@Override
    public void onSuccess(Void aVoid) {
        ...
    }    @Override
    public void onFailure(ErrorInfo errorInfo) {
        ...
    }
});

We use the same userName as the one we used to join the video call channel. In this case, users will join the RTM channel and RTC channel with the same channel name.

In the AudienceActivity onCreate() method, we are going to call createChannel() on the mRtmClient we initialized earlier to create a RtmChannel instance.

mRtmChannel = mRtmClient.createChannel(mChannelName, new MyChannelListener());

We need to define the MyChannelListener which implements RtmChannelListener with callback onMessageReceived() to handle the logic when we receive messages sent from any member in the chat room.

class MyChannelListener implements RtmChannelListener {
    @Override
    public void onMessageReceived(final RtmMessage message, final RtmChannelMember fromMember) {
        runOnUiThread(new Runnable() {
            @Override
            public void run() {
                String account = fromMember.getUserId();
                String msg = message.getText();
                MessageBean messageBean = new MessageBean(account, msg, false);
                messageBean.setBackground(getMessageColor(account));
                mMessageBeanList.add(messageBean);
                mMessageAdapter.notifyItemRangeChanged(mMessageBeanList.size(), 1);
                mRecyclerView.scrollToPosition(mMessageBeanList.size() - 1);
            }
        });
    }
    ...
}

Then join the channel by calling join() on the RtmChannel instance.

mRtmChannel.join(new ResultCallback<Void>() {
    @Override
    public void onSuccess(Void responseInfo) { ... }@Override
    public void onFailure(ErrorInfo errorInfo) { ... }
});

In the onSuccess() callback, we can call getMembers() on the RtmChannel instance to get the number of members in the chat room.

We also need to add some UI components to let users enter their text messages and see the chat history. The audience layout should be similar to this:

When a user clicks the “Send” button, we will send his message out to the channel by calling sendMessage() method on the RtmChannel instance.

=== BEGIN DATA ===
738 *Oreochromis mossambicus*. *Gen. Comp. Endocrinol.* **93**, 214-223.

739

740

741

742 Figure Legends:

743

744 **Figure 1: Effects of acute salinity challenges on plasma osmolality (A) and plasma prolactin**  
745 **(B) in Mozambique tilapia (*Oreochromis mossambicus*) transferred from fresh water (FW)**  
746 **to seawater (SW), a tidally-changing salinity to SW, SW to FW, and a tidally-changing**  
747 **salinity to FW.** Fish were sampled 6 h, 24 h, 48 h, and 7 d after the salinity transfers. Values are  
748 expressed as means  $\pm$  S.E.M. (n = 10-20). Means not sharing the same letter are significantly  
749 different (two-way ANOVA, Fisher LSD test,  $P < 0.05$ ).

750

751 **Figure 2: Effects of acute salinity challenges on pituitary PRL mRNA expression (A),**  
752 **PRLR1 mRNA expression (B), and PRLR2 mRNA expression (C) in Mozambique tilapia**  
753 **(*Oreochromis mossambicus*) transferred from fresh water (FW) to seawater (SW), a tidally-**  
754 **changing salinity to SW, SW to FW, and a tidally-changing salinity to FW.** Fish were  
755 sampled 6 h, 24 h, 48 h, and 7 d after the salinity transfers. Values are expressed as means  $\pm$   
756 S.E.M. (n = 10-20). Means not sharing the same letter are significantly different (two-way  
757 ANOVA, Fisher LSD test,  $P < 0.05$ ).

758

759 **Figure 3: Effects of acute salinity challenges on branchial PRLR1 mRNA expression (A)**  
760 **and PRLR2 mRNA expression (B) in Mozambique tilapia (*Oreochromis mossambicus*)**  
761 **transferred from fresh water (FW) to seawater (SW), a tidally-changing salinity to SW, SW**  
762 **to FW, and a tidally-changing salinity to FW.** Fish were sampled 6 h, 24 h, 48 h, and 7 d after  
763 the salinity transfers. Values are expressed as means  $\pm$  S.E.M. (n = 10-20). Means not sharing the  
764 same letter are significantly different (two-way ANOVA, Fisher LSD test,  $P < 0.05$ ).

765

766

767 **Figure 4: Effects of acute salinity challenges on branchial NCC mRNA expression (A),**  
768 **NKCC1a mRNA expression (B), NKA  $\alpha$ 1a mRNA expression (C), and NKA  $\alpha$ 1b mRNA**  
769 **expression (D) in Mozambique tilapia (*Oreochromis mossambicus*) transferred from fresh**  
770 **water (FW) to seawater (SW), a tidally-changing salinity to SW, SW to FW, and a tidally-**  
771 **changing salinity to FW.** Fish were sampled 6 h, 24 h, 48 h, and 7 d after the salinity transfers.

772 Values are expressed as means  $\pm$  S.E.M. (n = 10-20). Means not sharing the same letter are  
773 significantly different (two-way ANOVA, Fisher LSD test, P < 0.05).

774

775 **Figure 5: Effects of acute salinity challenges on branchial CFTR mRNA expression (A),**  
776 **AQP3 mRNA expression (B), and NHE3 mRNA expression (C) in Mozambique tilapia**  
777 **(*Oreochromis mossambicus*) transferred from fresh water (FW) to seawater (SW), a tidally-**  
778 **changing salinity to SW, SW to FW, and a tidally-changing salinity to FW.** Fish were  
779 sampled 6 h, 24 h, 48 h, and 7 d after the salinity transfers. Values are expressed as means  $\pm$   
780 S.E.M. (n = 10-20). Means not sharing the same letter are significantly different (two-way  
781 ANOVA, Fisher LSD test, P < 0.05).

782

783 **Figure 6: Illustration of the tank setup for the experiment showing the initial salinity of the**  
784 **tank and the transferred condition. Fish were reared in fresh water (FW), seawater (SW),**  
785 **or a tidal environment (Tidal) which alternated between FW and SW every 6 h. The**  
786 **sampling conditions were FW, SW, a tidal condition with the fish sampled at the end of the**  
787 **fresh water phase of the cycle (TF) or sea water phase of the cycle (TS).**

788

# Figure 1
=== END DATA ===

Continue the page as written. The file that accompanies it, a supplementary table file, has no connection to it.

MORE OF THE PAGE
private void sendChannelMessage(String content) {
    // step 1: create a message
    RtmMessage message = mRtmClient.createMessage();
    message.setText(content);
    
    // step 2: send message to channel
    mRtmChannel.sendMessage(message, new ResultCallback() {
        @Override
        public void onSuccess(Void aVoid) {
            ...
        }

        @Override
        public void onFailure(ErrorInfo errorInfo) {
            ...
        }
    });
}

Private Messaging

In the ChatFragment, users can find their friend by searching the friend’s name and send private text messages to them.

To search friends by names, you need to register the ChildEventListener and get data from Firebase Database.

childEventListener = new ChildEventListener() {
  @Override
  public void onChildAdded(@NonNull DataSnapshot dataSnapshot, @Nullable String s) {
    DBUser result = dataSnapshot.getValue(DBUser.class);
    showFriendText.setText(result.getName());
    mRef.orderByChild("name").startAt(friendName).endAt(friendName + "\uf8ff").removeEventListener(childEventListener);
  }
  ...
};

mRef.orderByChild("name").startAt(friendName).endAt(friendName + "\uf8ff").addChildEventListener(childEventListener);

Sending the private chat message is very similar as sending the group message. There are a few differences you need to pay attention to:

  1. You don’t need to create a RTM channel to send message.
  2. You need to register a RtmClientListener and receive messages from the onMessageReceived callback.
class MyRtmClientListener implements RtmClientListener {

    @Override
    public void onMessageReceived(final RtmMessage message, final String peerId) {
        runOnUiThread(new Runnable() {
            @Override
            public void run() {
                String content = message.getText();
                if (peerId.equals(mPeerId)) {
                    MessageBean messageBean = new MessageBean(peerId, content,false);
                    messageBean.setBackground(getMessageColor(peerId));
                    mMessageBeanList.add(messageBean);
                    mMessageAdapter.notifyItemRangeChanged(mMessageBeanList.size(), 1);
                    mRecyclerView.scrollToPosition(mMessageBeanList.size() - 1);
                } else {
                    MessageUtil.addMessageBean(peerId, content);
                }
            }
        });
    }

    ...
}
  1. When you send the message out, call sendMessageToPeer() instead of sendMessage() which we used to send channel messages.
mRtmClient.sendMessageToPeer(mPeerId, message, mChatManager.getSendMessageOptions(), new ResultCallback<Void>() {
    @Override
    public void onSuccess(Void aVoid) {
       ...
    }

    @Override
    public void onFailure(ErrorInfo errorInfo) {
       ...
    }
});

Build And Test on Device

Now let’s run our application!

In Android Studio, make sure your Android device is plugged in, and click Run.

Done!

Congratulations! You just built yourself a live streaming application with face filter features and chat messaging!

Thank you for following along. If you want to see more features such as virtual gifting and in app gaming, please leave a comment below! Here is the email address for any of the questions you might have: devrel@agora.io.


Want to build Real-Time Engagement apps? Get started with 10,000 free minutes today! If you have questions, please call us at 408-879-5885. We’d be happy to help you add voice or video chat, streaming and messaging into your apps.